We either say “I work as an Analyst” or “I am a software engineer” or “I am in Marketing”. If we encounter this question so much, how can we create a compelling story out of this? How can we use this opportunity to begin conversations and create impact?
Stories can help make that impact for you. Spend a little time and think about your life journey. How have events in your childhood groomed and shaped who you are. For example, if you are an engineer, can you talk about how passionate you were about fixing gadgets or creating simple machines and how that was a start for you to pursue your specialization?
If you are Marketing FMCG products, can you talk about how you are changing and shaping a million lives? Can you talk about how you always were interested in customer lives and going the extra mile to deliver what is required? Is there a project you did that changed the way you looked at marketing? Were you inspired by someone? We go through so much and yet say so little. How can we communicate our experiences as stories?
In our busy routines, we forget to stop, reflect and embrace our own experiences as stories. We forget about the potential of a good story and how it can completely transform the environment that we are in. Stories are a great way to engage audiences and build connections through conversations. Imagine the possibilities of a good starting point. You can energise environments, build rapports and even communicate your ideas in the process. The best thing about a good story is that, it goes around. People will remember a good story and pass it on. You become more memorable because of your story. By sharing your story, you also reinforce your own values, which makes you a positive person.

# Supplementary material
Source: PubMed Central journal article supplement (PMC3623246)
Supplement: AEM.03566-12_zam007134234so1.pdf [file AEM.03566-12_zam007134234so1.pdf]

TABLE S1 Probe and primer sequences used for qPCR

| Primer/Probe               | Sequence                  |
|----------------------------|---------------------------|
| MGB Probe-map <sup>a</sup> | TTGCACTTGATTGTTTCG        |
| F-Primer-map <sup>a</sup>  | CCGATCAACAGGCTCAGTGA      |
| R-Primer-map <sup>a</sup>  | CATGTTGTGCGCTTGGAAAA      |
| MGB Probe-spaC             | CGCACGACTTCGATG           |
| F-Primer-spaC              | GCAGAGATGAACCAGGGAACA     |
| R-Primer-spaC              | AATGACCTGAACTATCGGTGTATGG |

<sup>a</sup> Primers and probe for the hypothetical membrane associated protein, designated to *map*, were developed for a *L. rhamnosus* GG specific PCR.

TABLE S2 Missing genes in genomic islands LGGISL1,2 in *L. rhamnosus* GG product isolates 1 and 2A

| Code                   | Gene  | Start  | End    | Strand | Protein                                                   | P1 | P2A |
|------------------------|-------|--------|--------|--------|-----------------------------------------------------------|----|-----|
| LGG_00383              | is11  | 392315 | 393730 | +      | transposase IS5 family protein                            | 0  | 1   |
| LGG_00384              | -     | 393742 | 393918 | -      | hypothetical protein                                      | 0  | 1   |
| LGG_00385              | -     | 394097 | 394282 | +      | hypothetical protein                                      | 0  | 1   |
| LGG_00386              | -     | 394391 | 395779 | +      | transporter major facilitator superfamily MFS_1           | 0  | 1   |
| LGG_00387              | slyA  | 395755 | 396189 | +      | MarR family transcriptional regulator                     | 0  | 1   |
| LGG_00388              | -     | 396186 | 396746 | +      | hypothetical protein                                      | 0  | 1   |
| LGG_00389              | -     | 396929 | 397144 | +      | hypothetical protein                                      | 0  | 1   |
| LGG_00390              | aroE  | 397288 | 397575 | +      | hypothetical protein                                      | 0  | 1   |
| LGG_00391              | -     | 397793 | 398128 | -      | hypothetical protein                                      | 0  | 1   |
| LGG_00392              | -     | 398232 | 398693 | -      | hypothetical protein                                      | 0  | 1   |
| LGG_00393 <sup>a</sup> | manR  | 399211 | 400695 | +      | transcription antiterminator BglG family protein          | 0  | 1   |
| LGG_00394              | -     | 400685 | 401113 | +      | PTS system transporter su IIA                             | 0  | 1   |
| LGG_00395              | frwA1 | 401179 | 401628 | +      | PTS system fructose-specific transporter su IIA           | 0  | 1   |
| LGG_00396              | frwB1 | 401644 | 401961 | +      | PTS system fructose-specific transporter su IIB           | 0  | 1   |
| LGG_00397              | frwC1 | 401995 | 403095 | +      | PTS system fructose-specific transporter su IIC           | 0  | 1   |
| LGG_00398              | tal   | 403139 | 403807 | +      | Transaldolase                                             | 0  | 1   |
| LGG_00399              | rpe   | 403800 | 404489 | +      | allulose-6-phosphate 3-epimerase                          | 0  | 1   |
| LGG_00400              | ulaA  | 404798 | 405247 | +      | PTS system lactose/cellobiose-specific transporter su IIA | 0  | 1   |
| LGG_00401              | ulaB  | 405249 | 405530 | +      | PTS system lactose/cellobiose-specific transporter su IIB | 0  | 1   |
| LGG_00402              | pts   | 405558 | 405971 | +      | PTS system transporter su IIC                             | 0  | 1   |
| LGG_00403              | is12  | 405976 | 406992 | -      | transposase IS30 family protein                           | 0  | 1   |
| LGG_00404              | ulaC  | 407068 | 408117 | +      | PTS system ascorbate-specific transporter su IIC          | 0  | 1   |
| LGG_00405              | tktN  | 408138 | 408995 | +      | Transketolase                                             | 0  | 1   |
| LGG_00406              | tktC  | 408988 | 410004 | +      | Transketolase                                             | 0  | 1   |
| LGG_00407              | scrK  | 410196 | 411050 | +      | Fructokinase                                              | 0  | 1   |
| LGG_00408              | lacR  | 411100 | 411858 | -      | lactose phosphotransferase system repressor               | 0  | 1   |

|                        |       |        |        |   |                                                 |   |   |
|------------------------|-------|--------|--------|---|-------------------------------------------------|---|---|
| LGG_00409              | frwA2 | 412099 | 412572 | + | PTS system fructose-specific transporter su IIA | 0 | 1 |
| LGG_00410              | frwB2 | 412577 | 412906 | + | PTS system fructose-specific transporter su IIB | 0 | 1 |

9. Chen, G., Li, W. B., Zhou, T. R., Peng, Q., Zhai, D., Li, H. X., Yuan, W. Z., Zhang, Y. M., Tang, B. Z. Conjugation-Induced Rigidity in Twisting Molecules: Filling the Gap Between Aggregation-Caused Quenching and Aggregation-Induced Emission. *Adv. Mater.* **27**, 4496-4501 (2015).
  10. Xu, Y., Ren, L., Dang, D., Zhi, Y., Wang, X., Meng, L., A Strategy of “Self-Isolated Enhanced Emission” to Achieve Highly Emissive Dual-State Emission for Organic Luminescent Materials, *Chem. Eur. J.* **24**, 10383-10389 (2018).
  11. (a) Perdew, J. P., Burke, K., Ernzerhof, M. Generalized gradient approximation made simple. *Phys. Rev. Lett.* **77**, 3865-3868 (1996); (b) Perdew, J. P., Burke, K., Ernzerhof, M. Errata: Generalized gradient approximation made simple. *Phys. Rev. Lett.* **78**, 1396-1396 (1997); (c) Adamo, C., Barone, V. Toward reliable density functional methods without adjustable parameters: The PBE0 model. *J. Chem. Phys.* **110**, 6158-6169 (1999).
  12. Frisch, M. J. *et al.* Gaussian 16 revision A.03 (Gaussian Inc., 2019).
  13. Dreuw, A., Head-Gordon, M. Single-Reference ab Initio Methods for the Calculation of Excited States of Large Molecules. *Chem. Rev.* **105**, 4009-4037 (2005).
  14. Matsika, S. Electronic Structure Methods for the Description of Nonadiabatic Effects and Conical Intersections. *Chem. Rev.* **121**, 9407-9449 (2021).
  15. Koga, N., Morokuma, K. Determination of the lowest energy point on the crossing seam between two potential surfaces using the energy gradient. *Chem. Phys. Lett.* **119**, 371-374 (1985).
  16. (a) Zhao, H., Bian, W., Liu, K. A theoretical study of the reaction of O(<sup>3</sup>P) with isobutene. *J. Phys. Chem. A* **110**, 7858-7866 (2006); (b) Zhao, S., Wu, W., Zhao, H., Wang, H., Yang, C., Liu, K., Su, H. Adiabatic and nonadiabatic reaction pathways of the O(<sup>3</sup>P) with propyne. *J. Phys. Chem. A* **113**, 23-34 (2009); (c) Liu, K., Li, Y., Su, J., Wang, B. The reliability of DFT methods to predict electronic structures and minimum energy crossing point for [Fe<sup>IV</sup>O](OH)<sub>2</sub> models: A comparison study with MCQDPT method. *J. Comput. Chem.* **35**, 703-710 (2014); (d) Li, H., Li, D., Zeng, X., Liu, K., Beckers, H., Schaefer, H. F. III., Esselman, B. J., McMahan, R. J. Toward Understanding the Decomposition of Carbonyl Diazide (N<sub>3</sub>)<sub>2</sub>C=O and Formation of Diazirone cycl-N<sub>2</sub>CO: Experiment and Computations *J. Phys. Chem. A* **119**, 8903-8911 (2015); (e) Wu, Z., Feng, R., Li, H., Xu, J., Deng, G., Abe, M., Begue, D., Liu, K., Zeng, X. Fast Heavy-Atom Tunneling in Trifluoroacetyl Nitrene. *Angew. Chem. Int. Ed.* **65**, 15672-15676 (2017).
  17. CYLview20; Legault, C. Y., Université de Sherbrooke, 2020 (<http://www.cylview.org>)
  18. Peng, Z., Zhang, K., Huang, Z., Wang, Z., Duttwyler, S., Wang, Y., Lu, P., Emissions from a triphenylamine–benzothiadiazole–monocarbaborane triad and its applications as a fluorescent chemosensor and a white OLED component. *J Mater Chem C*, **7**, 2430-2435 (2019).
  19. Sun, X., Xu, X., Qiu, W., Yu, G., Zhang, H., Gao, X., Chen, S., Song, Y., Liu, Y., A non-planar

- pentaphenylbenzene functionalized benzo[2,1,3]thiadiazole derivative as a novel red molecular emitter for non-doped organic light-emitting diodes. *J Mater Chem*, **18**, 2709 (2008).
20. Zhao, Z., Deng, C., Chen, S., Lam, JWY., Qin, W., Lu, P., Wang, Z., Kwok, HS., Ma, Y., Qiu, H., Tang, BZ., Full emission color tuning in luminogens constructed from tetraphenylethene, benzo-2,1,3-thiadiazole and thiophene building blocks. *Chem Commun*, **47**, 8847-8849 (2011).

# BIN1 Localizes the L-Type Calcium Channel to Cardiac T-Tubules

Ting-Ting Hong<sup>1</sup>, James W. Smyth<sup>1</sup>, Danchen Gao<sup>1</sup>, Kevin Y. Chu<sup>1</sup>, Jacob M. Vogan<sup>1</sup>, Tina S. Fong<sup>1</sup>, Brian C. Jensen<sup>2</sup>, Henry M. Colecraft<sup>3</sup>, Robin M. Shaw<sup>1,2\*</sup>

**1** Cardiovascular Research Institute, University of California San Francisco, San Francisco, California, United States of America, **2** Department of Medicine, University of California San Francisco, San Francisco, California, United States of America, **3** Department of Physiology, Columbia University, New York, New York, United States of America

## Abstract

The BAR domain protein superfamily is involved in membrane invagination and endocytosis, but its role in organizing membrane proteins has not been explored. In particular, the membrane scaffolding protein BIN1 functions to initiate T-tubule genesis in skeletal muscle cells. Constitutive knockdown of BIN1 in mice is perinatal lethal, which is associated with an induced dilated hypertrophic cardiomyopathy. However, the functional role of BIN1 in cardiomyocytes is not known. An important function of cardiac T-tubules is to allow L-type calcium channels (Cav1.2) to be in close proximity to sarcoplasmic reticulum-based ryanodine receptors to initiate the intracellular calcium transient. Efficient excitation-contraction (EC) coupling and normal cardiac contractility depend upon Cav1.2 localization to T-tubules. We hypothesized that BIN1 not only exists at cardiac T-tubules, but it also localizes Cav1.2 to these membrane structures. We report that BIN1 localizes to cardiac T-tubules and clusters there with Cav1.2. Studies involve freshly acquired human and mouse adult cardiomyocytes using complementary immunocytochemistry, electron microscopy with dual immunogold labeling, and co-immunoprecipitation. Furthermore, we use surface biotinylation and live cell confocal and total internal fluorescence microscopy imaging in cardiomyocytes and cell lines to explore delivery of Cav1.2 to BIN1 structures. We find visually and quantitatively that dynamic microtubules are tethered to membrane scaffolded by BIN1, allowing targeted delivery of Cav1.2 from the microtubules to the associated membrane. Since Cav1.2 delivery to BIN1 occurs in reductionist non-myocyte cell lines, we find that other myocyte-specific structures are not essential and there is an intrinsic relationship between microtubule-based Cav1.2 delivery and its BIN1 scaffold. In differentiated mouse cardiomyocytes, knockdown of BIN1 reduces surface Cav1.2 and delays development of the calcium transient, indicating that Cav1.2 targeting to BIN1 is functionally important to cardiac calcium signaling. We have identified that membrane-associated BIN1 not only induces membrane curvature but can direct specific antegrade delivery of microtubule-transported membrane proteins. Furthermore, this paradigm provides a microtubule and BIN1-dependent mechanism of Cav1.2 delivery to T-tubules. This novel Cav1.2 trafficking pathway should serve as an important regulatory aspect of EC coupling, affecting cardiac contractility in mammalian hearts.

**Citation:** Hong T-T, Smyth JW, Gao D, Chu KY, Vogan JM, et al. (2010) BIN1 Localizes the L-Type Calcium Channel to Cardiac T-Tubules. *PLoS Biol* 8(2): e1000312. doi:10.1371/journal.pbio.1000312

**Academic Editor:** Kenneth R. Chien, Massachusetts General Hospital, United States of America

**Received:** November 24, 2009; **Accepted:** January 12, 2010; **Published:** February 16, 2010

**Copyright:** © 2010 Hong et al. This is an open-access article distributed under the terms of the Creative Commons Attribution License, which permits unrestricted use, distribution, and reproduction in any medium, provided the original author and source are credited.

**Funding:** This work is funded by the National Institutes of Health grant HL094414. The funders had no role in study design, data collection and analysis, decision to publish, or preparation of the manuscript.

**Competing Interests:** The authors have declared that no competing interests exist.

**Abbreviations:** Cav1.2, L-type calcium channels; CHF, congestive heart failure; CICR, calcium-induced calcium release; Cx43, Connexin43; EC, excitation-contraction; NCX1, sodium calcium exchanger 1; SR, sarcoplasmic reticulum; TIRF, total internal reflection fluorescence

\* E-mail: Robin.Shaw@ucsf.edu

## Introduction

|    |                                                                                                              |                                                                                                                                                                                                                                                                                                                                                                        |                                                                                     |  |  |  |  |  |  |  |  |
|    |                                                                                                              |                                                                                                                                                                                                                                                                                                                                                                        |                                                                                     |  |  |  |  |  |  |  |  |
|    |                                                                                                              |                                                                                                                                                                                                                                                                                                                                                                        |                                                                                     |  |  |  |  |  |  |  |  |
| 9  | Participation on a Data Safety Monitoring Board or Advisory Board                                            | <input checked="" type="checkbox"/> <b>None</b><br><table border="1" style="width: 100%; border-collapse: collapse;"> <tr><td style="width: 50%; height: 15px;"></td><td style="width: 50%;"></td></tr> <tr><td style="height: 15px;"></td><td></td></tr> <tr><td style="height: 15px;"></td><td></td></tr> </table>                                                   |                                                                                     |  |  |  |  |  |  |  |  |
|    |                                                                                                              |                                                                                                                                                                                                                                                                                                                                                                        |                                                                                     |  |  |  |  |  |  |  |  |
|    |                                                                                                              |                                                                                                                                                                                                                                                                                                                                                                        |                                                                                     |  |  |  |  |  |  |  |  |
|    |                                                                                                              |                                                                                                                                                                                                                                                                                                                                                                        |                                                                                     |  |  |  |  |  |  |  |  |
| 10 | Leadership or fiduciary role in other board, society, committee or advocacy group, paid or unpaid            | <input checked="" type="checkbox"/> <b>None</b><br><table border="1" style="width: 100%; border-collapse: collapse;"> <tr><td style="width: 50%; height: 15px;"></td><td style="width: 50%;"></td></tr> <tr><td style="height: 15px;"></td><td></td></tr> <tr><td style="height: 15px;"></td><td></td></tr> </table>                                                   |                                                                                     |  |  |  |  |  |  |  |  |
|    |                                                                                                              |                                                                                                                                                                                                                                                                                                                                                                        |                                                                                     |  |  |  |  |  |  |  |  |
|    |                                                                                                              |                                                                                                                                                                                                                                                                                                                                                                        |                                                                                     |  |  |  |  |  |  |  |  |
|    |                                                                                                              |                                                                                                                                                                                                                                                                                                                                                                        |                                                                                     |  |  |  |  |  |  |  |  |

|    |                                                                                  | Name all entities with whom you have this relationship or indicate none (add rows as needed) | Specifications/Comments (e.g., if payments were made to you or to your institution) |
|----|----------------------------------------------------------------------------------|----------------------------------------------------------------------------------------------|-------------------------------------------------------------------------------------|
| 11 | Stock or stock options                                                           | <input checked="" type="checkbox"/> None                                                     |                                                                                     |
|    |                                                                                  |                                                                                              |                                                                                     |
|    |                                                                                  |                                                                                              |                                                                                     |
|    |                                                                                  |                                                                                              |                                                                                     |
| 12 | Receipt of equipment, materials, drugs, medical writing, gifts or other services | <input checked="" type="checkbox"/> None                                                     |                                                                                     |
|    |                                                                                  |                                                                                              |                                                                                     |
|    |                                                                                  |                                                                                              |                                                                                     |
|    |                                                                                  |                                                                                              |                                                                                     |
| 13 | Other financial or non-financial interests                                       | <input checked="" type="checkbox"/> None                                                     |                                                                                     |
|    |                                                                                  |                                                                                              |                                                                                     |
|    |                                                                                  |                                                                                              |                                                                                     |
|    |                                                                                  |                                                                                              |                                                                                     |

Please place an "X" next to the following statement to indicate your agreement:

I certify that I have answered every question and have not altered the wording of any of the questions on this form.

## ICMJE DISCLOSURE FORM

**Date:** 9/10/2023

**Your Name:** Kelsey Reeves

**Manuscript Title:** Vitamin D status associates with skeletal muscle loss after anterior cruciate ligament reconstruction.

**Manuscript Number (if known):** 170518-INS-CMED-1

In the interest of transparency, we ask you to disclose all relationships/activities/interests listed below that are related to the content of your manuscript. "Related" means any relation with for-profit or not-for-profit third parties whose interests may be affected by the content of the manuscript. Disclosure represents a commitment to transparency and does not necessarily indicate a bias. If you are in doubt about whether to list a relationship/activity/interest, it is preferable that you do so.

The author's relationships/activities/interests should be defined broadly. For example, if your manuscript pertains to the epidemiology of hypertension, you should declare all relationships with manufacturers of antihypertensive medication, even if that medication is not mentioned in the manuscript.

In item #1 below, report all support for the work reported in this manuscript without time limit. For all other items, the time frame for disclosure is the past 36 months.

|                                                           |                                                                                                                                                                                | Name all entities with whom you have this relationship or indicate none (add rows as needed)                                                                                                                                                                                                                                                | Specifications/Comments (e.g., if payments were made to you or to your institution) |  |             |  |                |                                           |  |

Activity: What's your story?
Through this activity, we are going to try and find a compelling story for the question, "So, what do you do?"
You are going to need a small sheet of paper and pen for this activity.
Here are a few questions that I would like you to answer.
Now, we are going to try and sequence the answers to these in a story format.